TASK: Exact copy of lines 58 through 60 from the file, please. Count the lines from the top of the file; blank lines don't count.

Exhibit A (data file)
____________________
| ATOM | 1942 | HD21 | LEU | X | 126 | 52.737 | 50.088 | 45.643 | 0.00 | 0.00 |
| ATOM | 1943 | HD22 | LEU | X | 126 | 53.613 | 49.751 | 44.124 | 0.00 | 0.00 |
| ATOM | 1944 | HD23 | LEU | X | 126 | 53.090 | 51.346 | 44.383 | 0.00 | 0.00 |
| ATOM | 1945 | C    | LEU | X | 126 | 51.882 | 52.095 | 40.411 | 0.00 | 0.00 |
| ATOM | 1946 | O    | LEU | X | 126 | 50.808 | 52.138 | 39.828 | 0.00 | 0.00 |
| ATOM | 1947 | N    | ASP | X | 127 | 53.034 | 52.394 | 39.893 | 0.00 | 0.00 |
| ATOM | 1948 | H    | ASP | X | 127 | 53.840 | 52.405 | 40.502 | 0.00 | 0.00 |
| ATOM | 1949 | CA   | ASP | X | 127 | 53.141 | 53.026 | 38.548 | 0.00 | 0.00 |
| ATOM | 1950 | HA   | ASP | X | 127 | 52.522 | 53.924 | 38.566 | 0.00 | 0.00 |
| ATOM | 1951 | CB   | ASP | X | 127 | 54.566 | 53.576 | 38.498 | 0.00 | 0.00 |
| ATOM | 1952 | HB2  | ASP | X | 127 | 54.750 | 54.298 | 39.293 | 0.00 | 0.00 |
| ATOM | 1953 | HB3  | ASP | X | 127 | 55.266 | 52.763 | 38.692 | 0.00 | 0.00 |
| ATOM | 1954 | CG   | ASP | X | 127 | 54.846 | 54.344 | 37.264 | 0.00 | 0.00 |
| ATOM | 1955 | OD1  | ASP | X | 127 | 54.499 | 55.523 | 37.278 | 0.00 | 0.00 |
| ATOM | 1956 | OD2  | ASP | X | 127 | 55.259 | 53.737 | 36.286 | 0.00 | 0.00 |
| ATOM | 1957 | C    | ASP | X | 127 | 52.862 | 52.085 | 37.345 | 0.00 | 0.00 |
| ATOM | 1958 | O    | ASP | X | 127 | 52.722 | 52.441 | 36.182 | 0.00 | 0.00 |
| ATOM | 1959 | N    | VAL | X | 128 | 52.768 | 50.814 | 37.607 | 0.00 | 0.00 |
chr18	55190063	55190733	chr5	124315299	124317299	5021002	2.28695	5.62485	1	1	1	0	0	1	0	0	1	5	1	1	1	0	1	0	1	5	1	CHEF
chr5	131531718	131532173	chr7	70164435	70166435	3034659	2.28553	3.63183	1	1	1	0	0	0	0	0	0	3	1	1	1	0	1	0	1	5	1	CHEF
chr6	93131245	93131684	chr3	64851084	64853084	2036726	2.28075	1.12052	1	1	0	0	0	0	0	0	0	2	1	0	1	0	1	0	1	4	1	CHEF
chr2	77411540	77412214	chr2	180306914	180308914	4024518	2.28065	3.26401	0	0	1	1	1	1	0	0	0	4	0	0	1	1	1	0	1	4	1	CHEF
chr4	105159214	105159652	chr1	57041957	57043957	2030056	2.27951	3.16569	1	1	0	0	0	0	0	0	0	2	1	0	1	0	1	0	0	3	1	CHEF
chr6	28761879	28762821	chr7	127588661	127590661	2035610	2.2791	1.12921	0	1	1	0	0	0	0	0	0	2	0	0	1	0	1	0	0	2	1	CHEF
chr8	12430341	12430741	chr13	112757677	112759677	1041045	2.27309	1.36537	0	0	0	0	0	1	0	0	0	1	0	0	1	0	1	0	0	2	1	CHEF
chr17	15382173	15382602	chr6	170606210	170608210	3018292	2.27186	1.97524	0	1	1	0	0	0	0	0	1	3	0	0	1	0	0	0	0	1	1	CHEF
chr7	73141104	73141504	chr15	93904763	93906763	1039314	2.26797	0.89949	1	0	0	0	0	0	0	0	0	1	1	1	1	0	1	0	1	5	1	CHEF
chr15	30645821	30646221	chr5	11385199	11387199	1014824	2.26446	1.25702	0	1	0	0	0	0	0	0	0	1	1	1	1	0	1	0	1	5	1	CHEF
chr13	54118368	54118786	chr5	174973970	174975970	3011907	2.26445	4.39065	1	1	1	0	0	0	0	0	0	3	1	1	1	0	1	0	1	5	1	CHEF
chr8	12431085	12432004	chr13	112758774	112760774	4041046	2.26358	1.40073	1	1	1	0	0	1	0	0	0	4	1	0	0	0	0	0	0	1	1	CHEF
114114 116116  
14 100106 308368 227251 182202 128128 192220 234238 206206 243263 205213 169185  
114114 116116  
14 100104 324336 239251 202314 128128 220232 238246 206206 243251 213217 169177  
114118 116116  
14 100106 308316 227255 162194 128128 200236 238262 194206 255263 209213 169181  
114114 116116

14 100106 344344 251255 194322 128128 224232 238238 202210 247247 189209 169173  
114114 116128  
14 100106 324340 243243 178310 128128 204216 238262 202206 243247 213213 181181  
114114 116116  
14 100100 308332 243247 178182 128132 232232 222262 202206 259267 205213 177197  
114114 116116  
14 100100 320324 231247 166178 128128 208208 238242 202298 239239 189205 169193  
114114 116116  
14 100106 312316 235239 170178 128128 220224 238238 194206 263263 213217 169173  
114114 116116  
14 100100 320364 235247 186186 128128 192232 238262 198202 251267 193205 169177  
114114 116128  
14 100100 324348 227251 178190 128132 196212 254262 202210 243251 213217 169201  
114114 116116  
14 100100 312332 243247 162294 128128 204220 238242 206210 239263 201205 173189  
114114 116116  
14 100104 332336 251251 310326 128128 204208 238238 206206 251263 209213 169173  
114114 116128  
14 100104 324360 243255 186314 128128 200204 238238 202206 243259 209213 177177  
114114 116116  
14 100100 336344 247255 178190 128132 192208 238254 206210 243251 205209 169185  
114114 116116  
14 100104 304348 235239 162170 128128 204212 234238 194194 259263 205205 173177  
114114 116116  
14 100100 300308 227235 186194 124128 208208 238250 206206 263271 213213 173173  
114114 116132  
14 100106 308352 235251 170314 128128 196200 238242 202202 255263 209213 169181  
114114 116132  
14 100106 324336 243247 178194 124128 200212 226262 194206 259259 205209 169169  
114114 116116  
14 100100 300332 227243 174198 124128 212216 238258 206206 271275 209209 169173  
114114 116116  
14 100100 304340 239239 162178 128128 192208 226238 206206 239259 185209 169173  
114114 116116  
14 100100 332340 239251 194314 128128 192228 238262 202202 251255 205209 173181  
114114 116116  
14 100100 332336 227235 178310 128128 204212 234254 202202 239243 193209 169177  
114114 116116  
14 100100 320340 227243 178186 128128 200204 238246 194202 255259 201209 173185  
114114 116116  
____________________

14 100100 336344 247255 178190 128132 192208 238254 206210 243251 205209 169185  
114114 116116  
14 100104 304348 235239 162170 128128 204212 234238 194194 259263 205205 173177  